Lord Brown’s second volume of autobiography is divided into 26 short and free-standing chapters, which makes it both easy and a pleasure to dip into. It begins with a picture of a vanished world. Of his National Service he remembers going up to London for grand parties. During the Suez crisis, his job as a young subaltern was to censor the mail of his men. He thus discovered that their experiences of life were then a good deal rawer than his own. There was Oxford, where sport took up at least as much if not more time than work. Travelling across Europe on a shoestring to Turkey where he swam the Bosphorus.

But then we get to his early life at the Bar and his time as a judge. The various challenges which can arise on the bench are related in the context of his own cases, eg how he came to re-think and reduce the sentence of a would-be armed robber who was too incompetent to present a long-term danger. He learned the hard way that: ‘It is a mistake to describe the activities of middle class protestors as “mob rule”. It is at least if one is concerned to avoid a postbag of outraged invective.’ This concerned his judgment about public authorities banning the lawful export of livestock in order to avoid the disruption of unlawful protests by animal rights campaigners. The ‘offensive’ words were: ‘It is indeed remarkable and regrettable that a city council are asking the court to order their own port authority in effect to surrender to mob rule.’

During his career he mastered the art of the opening line of a judgment, which needs to be the introduction to the ‘essential problem in the case’. His last Privy Council judgment thus began: ‘Is there a mango tree in the respondent’s backyard at No. 303 Nelson Mandela Avenue, Quatre Bornes?’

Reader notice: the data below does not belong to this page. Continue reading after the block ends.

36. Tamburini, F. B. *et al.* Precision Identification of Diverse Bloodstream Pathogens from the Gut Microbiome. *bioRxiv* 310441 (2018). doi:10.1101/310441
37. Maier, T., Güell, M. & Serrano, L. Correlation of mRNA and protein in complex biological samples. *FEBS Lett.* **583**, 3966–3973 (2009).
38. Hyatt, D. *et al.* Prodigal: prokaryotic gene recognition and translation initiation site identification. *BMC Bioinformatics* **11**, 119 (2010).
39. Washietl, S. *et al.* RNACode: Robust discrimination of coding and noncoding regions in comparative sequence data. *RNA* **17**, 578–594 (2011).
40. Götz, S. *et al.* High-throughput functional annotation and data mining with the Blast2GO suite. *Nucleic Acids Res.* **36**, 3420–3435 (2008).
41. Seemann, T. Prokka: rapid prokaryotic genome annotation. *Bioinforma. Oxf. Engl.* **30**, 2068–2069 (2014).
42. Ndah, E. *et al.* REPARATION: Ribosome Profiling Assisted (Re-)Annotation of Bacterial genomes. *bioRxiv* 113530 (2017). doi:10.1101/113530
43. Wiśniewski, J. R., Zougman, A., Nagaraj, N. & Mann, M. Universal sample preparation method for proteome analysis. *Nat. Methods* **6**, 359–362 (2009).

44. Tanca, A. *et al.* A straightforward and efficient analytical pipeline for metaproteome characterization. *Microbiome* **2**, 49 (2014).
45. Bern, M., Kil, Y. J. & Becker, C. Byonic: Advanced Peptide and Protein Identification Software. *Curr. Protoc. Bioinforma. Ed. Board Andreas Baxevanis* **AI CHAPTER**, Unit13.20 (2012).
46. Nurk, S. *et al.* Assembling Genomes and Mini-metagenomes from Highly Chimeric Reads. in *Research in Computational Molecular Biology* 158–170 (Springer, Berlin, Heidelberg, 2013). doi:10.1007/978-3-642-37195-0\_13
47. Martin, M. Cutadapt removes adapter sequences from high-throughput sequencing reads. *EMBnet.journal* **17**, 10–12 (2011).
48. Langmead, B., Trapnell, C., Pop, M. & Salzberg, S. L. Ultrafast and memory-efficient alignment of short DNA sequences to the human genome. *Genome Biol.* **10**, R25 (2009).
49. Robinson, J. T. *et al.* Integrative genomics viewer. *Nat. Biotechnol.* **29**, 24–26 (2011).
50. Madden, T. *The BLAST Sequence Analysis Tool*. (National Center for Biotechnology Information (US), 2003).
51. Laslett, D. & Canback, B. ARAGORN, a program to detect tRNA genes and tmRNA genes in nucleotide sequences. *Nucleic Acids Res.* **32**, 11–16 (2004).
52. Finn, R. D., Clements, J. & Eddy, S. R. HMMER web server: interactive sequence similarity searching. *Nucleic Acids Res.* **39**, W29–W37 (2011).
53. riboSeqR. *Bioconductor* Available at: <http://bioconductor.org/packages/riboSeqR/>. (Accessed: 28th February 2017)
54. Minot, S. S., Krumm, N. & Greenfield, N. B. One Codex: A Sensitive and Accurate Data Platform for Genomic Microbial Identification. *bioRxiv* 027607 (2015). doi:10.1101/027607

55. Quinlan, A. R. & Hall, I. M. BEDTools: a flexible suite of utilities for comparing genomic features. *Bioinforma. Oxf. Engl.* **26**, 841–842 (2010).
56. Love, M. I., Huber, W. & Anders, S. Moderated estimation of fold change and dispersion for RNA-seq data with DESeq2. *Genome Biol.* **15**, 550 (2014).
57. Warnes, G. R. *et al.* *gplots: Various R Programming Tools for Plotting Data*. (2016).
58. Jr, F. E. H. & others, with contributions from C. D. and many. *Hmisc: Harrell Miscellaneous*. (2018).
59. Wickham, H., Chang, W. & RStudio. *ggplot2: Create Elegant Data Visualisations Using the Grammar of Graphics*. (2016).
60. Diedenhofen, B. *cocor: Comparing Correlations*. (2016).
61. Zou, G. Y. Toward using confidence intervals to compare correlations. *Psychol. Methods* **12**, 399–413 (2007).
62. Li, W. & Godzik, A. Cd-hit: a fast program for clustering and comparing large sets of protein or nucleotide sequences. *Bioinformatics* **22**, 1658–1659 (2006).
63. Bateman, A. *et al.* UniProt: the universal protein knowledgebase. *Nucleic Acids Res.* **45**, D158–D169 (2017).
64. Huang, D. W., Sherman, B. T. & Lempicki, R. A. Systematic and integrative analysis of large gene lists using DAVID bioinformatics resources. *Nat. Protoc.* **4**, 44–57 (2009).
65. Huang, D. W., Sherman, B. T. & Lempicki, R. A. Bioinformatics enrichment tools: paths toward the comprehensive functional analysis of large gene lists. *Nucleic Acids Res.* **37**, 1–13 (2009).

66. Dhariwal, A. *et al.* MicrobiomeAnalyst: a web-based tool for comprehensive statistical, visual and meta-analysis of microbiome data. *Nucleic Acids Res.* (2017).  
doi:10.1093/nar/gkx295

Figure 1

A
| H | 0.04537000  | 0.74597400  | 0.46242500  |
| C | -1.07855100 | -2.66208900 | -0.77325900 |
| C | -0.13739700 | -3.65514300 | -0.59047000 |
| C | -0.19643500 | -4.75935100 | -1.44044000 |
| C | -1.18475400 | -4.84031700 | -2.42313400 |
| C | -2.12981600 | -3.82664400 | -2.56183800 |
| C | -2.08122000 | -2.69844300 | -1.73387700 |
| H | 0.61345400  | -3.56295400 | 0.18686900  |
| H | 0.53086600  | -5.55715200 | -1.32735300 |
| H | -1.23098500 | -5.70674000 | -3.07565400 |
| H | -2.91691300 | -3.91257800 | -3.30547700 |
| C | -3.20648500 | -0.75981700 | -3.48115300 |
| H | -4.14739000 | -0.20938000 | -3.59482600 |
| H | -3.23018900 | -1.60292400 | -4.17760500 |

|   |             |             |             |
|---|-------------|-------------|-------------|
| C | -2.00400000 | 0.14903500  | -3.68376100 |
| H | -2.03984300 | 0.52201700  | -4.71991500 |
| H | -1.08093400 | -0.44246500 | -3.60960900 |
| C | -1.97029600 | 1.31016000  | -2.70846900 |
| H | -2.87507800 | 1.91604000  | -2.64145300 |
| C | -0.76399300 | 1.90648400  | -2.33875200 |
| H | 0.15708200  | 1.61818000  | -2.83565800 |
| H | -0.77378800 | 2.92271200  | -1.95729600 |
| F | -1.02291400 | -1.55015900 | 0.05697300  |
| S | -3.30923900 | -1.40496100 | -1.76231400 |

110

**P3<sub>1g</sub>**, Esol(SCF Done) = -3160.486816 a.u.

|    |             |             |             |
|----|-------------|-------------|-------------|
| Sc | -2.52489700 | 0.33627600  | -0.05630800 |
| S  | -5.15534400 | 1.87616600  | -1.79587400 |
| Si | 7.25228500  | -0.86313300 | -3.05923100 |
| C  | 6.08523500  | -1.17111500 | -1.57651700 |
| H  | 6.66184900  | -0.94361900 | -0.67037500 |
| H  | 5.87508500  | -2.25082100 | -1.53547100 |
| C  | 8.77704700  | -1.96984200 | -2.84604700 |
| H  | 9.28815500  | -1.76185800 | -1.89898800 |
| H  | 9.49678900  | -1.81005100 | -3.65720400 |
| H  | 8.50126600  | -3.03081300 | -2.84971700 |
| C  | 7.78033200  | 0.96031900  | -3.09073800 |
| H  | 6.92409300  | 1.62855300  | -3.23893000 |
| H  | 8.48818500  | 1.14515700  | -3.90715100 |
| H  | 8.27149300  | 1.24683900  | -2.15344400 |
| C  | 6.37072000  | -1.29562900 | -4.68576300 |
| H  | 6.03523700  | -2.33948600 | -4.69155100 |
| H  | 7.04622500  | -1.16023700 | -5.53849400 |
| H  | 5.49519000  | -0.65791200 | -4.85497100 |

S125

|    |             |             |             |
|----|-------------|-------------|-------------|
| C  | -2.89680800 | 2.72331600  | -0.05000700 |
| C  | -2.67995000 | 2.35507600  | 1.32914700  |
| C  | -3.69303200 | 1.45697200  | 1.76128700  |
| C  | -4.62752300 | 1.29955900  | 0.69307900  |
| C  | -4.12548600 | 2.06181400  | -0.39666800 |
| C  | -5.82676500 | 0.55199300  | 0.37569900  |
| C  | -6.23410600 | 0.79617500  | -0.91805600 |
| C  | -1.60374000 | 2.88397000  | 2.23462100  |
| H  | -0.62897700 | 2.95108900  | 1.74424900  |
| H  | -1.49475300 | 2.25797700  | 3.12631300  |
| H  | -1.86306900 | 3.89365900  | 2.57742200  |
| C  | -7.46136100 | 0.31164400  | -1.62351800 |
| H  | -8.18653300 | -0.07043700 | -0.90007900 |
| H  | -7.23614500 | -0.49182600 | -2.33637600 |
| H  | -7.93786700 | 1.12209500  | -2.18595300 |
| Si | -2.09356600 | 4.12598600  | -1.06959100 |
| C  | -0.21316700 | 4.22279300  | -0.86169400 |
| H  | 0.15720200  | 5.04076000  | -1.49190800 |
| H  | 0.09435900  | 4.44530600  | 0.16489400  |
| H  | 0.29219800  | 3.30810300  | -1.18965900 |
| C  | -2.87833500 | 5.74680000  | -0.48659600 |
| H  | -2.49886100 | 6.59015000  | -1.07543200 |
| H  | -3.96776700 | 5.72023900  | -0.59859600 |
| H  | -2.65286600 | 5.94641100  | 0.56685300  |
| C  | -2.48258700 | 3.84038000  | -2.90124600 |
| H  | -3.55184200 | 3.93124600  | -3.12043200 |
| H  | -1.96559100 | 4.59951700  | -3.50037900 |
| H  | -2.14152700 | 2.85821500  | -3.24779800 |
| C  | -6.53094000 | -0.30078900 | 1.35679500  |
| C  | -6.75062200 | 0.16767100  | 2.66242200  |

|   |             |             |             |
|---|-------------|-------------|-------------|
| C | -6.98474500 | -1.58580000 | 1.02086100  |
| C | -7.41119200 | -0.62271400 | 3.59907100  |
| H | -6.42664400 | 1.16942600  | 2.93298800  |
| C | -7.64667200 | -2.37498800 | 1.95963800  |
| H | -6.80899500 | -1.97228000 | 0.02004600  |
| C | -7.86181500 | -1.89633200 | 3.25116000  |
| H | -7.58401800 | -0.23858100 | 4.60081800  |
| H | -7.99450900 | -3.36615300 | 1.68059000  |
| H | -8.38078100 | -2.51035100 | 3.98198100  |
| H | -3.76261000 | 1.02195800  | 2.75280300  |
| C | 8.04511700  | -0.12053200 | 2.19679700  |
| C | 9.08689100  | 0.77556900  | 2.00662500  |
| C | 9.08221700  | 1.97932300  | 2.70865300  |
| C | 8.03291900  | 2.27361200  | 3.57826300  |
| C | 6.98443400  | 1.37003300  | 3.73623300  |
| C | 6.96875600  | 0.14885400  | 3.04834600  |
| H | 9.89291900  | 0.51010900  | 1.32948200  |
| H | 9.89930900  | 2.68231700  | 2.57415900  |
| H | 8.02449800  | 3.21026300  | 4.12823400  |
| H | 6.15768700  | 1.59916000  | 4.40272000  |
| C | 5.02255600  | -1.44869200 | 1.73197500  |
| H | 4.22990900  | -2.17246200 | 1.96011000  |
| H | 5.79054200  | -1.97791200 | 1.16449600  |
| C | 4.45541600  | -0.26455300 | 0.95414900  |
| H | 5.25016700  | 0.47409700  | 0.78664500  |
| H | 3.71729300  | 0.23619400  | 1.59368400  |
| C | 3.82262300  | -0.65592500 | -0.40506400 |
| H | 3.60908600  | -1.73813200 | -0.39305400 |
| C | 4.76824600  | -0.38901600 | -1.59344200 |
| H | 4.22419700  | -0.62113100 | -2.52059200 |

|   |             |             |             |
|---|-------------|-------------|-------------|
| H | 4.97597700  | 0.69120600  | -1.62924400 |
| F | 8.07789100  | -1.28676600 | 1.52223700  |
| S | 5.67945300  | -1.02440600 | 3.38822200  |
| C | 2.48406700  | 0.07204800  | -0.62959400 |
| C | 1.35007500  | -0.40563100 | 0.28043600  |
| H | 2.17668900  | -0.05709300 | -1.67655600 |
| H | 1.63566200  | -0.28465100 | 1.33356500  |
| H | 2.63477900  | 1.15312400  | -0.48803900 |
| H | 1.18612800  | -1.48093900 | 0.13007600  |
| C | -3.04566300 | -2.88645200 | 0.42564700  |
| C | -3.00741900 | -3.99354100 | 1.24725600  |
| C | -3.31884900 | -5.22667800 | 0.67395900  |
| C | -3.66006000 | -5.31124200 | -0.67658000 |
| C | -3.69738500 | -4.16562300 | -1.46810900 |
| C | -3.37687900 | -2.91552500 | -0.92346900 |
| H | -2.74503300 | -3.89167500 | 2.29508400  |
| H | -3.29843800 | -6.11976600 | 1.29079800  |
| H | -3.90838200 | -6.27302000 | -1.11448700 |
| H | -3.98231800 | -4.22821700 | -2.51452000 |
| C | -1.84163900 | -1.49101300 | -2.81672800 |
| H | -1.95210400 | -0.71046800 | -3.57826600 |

Having dealt with the various changes to the legal system during his time he concludes by reproducing the talk he gave at Oxford about the jury system. ‘My experience is that all too often even the patently guilty go free.’ His less than starry-eyed approach might reflect his experience of presiding over the libel trial brought by Robert Maxwell when Private Eye accused him of trying to bribe Neil Kinnock into giving him a peerage. It was not until day four that the jury sent in a note: ‘What is a peerage?’

Who was the greatest advocate of Lord Brown’s generation? The late Lord [Robert] Alexander QC. ‘He seemed... to be somehow cloaked with moral authority. Invariably he took the strength of the opposing case at its highest, patiently then explaining why nevertheless it should not prevail. Invariably he put the argument at the right level for whatever tribunal he was addressing... Clone Bob and you could do away with Bar schools entirely.’

Old values are still worth living up to.